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March 22, 1941

THE STUDENT SECTION of the Journal of the American Medical Association: Devoted to the Educational Interests and Welfare of Medical Students, Interns and Residents in Hospitals

JAMA. 1941;116(12):1325. doi:10.1001/jama.1941.02820120139030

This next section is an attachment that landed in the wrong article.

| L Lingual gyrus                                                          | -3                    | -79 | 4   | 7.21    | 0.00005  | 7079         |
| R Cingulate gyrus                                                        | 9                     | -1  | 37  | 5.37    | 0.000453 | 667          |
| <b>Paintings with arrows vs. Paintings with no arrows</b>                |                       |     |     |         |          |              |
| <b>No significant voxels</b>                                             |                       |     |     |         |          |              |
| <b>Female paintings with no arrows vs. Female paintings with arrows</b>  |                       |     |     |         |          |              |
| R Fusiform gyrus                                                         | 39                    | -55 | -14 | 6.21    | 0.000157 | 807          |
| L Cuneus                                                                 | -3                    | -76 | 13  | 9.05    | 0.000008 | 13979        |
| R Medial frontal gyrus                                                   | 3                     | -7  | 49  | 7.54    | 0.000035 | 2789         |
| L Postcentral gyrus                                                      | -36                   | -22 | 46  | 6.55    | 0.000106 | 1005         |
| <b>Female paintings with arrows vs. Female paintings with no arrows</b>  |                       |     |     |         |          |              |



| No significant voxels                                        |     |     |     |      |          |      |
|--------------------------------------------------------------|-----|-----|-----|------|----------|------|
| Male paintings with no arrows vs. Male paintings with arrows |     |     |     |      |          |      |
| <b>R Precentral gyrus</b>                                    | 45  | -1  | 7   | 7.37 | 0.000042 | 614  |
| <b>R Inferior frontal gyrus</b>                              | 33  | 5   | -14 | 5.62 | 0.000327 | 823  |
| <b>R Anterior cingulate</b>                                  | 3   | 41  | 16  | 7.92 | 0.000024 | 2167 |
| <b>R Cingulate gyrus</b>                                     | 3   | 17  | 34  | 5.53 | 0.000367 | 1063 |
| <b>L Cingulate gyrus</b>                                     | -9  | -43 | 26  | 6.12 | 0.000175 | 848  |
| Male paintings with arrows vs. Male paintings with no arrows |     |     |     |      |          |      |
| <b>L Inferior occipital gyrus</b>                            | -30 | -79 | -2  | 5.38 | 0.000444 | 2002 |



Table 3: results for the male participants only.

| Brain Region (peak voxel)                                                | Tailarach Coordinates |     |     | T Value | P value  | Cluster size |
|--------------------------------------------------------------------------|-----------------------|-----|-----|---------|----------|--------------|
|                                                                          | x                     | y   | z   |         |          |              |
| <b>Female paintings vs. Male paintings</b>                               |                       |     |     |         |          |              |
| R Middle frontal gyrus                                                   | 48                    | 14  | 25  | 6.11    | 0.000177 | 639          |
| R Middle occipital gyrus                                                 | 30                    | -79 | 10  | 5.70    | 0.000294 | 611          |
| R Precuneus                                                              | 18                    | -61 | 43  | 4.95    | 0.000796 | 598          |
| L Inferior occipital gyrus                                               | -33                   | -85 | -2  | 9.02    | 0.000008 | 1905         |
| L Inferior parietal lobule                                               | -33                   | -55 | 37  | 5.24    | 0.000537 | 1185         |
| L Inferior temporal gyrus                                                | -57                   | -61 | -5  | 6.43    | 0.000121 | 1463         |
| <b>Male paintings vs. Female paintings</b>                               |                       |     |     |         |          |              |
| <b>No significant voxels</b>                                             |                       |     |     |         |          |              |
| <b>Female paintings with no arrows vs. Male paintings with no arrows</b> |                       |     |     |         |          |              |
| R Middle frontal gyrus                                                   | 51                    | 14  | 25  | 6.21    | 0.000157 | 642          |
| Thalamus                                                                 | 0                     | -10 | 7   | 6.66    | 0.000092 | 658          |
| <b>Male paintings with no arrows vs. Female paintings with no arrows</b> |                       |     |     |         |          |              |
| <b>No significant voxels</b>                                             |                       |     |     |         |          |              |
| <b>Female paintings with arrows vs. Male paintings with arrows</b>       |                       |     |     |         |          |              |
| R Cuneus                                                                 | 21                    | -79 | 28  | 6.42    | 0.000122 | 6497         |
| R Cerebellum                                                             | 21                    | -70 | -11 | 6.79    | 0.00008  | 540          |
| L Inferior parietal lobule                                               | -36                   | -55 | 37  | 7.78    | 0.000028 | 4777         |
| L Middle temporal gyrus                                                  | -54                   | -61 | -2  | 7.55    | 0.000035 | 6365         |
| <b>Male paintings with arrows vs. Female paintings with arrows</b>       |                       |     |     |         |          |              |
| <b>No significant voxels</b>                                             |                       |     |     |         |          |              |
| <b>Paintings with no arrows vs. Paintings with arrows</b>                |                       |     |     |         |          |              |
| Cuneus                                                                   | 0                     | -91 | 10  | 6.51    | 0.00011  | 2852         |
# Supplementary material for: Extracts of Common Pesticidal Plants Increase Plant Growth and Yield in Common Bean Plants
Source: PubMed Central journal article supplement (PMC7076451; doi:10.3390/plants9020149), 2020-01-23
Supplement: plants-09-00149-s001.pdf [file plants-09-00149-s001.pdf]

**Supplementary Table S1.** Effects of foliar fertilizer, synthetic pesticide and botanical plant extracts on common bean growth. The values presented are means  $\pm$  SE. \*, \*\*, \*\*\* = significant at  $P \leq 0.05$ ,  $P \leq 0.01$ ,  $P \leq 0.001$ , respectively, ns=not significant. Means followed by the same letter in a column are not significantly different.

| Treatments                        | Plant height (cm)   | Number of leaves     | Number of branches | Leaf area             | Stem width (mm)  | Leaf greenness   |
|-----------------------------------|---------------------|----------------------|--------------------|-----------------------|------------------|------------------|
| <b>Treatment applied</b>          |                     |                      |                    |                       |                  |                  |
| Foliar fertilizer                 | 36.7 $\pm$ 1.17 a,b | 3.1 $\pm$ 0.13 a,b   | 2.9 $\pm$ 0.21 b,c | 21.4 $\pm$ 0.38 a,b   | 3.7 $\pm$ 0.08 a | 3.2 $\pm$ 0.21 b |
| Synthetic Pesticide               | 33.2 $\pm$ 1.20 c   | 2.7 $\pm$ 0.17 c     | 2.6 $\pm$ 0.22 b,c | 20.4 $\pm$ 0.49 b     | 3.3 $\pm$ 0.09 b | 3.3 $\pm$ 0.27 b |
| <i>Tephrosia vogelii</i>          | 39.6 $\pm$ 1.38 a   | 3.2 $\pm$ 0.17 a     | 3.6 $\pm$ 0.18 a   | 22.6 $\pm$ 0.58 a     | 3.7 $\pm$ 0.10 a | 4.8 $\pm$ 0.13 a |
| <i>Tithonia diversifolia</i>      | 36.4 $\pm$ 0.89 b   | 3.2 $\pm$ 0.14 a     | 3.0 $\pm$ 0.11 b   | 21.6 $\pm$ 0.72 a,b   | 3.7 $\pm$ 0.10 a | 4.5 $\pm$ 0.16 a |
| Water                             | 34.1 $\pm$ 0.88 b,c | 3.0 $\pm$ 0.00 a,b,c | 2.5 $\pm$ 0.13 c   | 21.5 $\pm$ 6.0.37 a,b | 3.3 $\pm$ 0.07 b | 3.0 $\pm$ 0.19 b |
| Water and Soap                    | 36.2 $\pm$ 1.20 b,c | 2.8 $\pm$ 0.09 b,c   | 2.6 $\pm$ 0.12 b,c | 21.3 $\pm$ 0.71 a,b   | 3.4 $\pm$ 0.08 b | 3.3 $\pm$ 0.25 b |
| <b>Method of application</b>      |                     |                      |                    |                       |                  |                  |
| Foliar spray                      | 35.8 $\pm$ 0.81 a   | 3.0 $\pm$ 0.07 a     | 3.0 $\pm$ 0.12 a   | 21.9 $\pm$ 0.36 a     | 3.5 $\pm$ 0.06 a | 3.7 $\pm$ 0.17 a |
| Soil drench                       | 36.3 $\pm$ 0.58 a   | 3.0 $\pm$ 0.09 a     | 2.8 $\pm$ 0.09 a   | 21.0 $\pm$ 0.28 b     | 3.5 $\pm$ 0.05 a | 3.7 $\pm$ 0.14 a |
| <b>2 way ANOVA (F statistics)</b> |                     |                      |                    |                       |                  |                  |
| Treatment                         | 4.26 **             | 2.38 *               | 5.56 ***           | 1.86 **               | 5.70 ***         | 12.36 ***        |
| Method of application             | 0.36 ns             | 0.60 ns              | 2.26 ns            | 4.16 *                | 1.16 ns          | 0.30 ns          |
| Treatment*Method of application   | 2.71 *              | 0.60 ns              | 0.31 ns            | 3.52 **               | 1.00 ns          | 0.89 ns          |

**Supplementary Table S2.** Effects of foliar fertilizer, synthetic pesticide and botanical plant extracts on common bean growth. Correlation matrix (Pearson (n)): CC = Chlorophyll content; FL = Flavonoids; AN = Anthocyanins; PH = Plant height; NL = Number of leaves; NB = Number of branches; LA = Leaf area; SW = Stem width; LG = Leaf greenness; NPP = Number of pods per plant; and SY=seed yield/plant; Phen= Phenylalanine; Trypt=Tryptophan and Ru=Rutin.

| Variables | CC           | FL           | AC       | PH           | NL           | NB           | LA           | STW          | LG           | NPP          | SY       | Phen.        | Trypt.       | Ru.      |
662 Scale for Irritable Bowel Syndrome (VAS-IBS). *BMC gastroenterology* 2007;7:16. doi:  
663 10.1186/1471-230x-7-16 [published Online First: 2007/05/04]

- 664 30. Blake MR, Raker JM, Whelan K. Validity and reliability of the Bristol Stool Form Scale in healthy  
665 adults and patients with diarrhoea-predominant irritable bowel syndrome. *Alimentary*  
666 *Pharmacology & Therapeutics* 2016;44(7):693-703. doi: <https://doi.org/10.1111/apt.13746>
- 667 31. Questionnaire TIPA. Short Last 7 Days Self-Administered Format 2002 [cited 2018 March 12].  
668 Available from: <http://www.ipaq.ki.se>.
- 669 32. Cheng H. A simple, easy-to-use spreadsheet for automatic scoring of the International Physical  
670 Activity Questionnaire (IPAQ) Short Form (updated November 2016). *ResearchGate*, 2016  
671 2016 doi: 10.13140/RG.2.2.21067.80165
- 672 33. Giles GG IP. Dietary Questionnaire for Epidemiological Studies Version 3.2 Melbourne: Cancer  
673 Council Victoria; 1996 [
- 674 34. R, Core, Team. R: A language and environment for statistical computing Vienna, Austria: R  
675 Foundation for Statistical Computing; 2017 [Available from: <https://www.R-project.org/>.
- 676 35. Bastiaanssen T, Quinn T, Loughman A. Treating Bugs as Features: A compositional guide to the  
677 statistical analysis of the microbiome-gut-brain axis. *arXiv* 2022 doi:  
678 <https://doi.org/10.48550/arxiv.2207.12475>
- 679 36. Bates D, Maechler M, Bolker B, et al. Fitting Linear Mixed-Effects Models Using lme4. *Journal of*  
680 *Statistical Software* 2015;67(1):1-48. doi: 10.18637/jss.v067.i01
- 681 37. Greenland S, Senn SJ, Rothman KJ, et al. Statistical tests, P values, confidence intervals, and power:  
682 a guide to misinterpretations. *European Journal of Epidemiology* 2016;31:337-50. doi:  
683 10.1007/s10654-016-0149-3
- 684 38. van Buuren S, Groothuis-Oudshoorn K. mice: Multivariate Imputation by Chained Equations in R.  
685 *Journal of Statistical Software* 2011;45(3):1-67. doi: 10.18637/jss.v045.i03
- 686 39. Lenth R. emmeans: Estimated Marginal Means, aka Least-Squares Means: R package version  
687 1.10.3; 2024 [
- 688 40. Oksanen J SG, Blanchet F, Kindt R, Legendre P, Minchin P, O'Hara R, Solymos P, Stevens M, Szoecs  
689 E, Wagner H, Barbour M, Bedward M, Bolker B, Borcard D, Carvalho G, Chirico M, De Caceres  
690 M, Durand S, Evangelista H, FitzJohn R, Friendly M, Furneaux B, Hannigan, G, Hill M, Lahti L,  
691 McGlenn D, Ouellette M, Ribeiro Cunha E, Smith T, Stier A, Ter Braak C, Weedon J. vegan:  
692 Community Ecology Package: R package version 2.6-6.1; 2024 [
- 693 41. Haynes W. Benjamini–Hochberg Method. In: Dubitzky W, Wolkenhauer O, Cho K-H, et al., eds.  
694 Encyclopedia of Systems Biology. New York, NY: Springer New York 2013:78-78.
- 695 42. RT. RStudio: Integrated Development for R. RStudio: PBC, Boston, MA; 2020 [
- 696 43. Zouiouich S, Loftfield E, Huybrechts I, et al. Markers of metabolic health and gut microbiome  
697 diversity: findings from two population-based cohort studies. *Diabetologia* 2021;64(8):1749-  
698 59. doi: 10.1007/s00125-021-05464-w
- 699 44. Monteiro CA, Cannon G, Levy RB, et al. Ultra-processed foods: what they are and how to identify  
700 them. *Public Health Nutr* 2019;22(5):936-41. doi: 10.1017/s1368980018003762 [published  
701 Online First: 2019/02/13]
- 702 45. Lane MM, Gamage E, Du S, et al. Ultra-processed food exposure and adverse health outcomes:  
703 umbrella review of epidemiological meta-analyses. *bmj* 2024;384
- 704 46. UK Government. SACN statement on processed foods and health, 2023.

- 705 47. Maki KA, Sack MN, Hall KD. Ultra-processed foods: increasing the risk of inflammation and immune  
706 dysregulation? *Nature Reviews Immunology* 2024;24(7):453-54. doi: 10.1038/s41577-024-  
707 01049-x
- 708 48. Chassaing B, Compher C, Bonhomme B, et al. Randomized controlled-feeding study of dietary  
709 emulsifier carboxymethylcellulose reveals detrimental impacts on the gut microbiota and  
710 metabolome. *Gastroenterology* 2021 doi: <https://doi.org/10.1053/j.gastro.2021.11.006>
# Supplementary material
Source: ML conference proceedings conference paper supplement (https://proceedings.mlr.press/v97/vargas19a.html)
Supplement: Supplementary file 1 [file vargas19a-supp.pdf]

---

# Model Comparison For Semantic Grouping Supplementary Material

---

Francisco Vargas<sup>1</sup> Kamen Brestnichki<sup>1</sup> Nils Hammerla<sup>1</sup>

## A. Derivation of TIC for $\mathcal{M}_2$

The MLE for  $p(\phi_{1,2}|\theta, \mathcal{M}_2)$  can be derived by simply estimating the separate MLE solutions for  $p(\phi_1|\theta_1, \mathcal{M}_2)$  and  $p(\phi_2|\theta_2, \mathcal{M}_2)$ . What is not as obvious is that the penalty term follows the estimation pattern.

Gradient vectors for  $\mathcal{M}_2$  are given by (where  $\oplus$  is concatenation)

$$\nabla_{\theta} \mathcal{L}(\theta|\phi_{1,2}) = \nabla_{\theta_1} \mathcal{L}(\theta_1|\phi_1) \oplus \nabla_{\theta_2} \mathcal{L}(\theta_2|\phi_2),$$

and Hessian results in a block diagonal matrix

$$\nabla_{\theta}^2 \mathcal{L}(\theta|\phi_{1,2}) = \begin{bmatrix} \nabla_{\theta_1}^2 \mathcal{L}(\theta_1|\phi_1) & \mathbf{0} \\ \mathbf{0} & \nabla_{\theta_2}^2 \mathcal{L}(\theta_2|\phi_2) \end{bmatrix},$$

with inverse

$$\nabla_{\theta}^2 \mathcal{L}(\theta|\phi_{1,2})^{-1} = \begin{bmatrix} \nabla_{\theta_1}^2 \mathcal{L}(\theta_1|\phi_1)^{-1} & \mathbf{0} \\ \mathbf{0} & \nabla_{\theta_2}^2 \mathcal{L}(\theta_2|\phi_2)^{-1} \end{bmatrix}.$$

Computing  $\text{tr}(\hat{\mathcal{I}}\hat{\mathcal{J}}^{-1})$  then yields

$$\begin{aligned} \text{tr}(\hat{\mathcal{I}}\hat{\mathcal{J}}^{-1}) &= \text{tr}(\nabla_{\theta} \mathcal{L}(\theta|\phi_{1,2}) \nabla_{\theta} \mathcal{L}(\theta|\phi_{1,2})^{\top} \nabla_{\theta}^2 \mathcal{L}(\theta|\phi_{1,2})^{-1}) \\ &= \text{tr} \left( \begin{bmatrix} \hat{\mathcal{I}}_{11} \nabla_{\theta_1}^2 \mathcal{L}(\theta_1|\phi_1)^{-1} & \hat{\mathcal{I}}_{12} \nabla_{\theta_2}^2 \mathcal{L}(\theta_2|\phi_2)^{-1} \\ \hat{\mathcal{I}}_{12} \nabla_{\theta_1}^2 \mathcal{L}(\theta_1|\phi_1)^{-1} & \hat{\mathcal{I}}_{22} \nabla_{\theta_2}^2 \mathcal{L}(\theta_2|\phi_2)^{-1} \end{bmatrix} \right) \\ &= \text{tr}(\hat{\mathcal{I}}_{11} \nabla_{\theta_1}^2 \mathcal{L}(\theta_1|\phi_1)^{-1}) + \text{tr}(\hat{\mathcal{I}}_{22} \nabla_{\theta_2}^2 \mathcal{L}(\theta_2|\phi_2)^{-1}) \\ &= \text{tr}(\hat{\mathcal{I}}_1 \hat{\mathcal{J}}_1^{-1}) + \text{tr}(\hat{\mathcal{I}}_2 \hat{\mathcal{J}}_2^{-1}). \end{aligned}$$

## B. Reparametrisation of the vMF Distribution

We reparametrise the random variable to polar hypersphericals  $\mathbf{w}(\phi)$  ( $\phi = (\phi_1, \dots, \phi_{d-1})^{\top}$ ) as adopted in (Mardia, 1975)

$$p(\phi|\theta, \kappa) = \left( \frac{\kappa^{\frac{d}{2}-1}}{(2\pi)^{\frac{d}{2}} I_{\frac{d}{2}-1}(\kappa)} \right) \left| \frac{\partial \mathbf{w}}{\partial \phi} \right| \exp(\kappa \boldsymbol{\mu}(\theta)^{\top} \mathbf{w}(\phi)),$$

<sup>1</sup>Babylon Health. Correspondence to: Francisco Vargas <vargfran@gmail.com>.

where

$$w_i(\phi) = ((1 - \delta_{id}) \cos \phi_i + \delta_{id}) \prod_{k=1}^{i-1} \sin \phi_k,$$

The Contribution of Liberal Education to Professional Studies  OLIVER C. CARMICHAEL, LL.D.Chancellor, Vanderbilt UniversityNASHVILLE, TENN.The discussions of premedical education recorded in the medical journals have dealt primarily with the content of the curriculum. Some appear to favor a program highly restricted with a large amount of science training, others insist on a broader and more liberal selection of subjects outside the science field. One would judge that the majority is in favor of the latter plan, though the reasons for this opinion seem rather vague and indefinite. My purpose in this paper is to analyze the nature of the liberal arts program and the sort of contribution it should make to the development of the student and hence to his preparation for professional study, with special reference to preparation for the study of medicine. Some such analysis should throw light on the question of the desirable background